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Low Vaccination Rates To Blame for Disneyland Measles Outbreak

Low vaccination rates likely were the cause of a measles outbreak that began at Disneyland in December 2014, according to research published on Monday in JAMA Pediatrics, NPR's "Shots" reports.

Background on Outbreak

As of Friday, California had confirmed 133 cases of measles in the state linked to the outbreak that began at Disneyland. Of those, at least 57 had not been vaccinated.

Measles was declared eliminated from the U.S. in 2000, but low vaccination rates and infected people entering the country from other areas have cause isolated, periodic outbreaks.

The measles-mumps-rubella, or MMR, vaccine is about 95% effective, according to "shots" (Hensley, "Shots," NPR, 3/16).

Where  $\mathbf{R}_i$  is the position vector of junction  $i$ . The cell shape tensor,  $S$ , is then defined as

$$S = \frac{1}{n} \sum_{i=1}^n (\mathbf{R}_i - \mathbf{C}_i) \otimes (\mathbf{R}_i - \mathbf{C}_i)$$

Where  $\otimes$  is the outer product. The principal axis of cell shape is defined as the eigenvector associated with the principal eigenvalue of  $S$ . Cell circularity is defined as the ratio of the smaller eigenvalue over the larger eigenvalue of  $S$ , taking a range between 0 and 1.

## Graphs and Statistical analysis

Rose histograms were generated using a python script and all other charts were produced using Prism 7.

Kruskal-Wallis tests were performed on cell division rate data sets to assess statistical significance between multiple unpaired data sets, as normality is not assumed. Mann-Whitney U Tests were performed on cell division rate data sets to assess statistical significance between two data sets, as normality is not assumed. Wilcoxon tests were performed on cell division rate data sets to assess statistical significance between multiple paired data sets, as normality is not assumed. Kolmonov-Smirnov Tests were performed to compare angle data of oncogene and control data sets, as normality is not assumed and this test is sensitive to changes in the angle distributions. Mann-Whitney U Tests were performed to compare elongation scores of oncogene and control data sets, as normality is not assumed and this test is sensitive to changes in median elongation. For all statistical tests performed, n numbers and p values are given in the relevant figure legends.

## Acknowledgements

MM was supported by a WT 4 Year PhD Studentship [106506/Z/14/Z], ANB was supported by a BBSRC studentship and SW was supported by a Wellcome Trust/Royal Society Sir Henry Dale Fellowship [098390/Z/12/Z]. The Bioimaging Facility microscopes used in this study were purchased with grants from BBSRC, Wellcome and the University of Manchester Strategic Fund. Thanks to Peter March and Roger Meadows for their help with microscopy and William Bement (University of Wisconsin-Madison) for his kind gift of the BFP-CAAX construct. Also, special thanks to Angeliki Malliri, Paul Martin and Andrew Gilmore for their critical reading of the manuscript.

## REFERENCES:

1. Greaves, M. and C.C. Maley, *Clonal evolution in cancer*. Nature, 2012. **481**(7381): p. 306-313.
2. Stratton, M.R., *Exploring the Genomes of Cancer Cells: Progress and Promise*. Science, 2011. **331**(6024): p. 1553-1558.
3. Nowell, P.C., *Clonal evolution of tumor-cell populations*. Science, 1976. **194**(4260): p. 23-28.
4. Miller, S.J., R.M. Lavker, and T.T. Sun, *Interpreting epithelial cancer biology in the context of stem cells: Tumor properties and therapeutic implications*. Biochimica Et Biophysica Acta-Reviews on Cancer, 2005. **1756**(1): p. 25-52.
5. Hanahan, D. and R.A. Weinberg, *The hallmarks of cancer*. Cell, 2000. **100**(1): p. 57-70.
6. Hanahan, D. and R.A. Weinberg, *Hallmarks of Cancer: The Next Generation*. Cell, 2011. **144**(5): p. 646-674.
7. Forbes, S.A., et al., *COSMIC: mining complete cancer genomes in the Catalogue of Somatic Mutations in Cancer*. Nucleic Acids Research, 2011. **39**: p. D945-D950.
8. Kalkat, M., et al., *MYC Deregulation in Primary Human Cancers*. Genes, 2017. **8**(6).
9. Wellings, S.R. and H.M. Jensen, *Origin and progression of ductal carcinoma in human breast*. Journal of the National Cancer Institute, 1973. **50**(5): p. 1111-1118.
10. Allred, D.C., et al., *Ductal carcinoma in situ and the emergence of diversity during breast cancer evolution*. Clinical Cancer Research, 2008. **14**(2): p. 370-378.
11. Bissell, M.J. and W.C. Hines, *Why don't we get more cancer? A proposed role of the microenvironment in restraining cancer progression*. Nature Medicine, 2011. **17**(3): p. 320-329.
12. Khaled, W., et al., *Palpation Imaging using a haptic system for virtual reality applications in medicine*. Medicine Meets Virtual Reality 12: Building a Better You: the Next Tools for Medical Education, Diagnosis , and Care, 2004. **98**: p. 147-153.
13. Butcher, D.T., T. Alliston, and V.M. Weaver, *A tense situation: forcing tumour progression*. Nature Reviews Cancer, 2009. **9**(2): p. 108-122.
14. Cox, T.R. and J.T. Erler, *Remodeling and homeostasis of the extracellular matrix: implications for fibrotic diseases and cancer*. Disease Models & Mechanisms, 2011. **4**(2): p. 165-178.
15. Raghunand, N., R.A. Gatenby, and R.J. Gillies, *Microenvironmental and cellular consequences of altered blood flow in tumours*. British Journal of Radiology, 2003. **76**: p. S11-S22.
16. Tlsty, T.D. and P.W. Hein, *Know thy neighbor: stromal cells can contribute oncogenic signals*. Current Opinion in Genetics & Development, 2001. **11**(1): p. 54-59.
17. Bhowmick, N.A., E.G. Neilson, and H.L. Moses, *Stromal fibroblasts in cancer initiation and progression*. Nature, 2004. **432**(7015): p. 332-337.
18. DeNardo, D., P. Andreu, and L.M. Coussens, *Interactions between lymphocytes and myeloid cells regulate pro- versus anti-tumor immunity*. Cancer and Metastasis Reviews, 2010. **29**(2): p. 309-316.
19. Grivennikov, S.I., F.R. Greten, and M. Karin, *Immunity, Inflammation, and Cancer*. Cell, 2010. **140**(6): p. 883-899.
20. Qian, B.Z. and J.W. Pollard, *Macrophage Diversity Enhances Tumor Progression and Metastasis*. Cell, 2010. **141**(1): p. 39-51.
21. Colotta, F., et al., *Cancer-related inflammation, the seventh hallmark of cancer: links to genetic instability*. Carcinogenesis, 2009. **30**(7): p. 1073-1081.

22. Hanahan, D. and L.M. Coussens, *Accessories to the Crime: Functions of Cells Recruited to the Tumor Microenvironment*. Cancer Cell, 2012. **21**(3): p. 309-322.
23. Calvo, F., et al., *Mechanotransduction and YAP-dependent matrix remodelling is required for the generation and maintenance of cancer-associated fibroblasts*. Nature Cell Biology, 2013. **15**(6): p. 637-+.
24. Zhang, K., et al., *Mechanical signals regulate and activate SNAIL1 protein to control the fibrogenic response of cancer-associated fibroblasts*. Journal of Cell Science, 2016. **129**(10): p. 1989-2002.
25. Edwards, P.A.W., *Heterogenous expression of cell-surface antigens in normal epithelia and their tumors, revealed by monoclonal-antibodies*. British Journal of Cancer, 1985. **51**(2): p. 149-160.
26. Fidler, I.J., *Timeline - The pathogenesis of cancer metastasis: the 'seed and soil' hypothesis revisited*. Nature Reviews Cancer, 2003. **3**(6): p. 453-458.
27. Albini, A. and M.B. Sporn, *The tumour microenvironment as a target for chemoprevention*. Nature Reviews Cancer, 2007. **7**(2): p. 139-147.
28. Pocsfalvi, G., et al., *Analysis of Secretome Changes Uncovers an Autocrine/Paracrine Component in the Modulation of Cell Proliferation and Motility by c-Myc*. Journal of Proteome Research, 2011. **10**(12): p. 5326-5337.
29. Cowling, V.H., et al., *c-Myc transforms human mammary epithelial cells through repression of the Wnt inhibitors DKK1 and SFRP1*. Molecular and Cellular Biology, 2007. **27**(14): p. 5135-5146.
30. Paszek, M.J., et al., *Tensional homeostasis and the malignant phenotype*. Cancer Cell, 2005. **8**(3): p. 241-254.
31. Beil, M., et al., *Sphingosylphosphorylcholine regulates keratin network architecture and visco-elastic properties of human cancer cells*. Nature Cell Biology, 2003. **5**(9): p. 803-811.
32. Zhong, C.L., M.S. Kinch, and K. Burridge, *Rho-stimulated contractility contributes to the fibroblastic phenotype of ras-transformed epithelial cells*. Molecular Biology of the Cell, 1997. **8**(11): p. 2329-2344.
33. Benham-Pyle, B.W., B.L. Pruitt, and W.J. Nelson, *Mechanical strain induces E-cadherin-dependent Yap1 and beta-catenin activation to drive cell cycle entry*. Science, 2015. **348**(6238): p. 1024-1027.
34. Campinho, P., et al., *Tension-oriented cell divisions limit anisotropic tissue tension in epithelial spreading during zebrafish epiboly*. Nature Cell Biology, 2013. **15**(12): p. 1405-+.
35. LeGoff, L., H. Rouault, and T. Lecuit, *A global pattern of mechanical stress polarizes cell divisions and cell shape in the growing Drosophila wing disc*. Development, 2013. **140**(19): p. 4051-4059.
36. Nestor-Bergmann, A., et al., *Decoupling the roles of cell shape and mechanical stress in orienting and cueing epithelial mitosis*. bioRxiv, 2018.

Details of Research

For the research, experts from Boston Children's Hospital and the Massachusetts Institute of Technology examined data on the California outbreak, historical information and other data points.

They found that the vaccination rate among individuals that were exposed to measles during the outbreak that began at Disneyland was between 50% and 86% -- far lower than the 96% vaccination rate required to maintain herd immunity.

The researchers wrote, "Clearly, MMR vaccination rates in many of the communities that have been affected by this outbreak fall well below the necessary threshold to sustain herd immunity, thus placing the greater population at risk as well."

Eric Handler -- public health officer for Orange County, where Disneyland is located -- said the findings "underscor[e] the importance of vaccination in preventing the spread of measles and protecting children who are too young to be vaccinated" (Kaplan, "Science Now," Los Angeles Times, 3/16).

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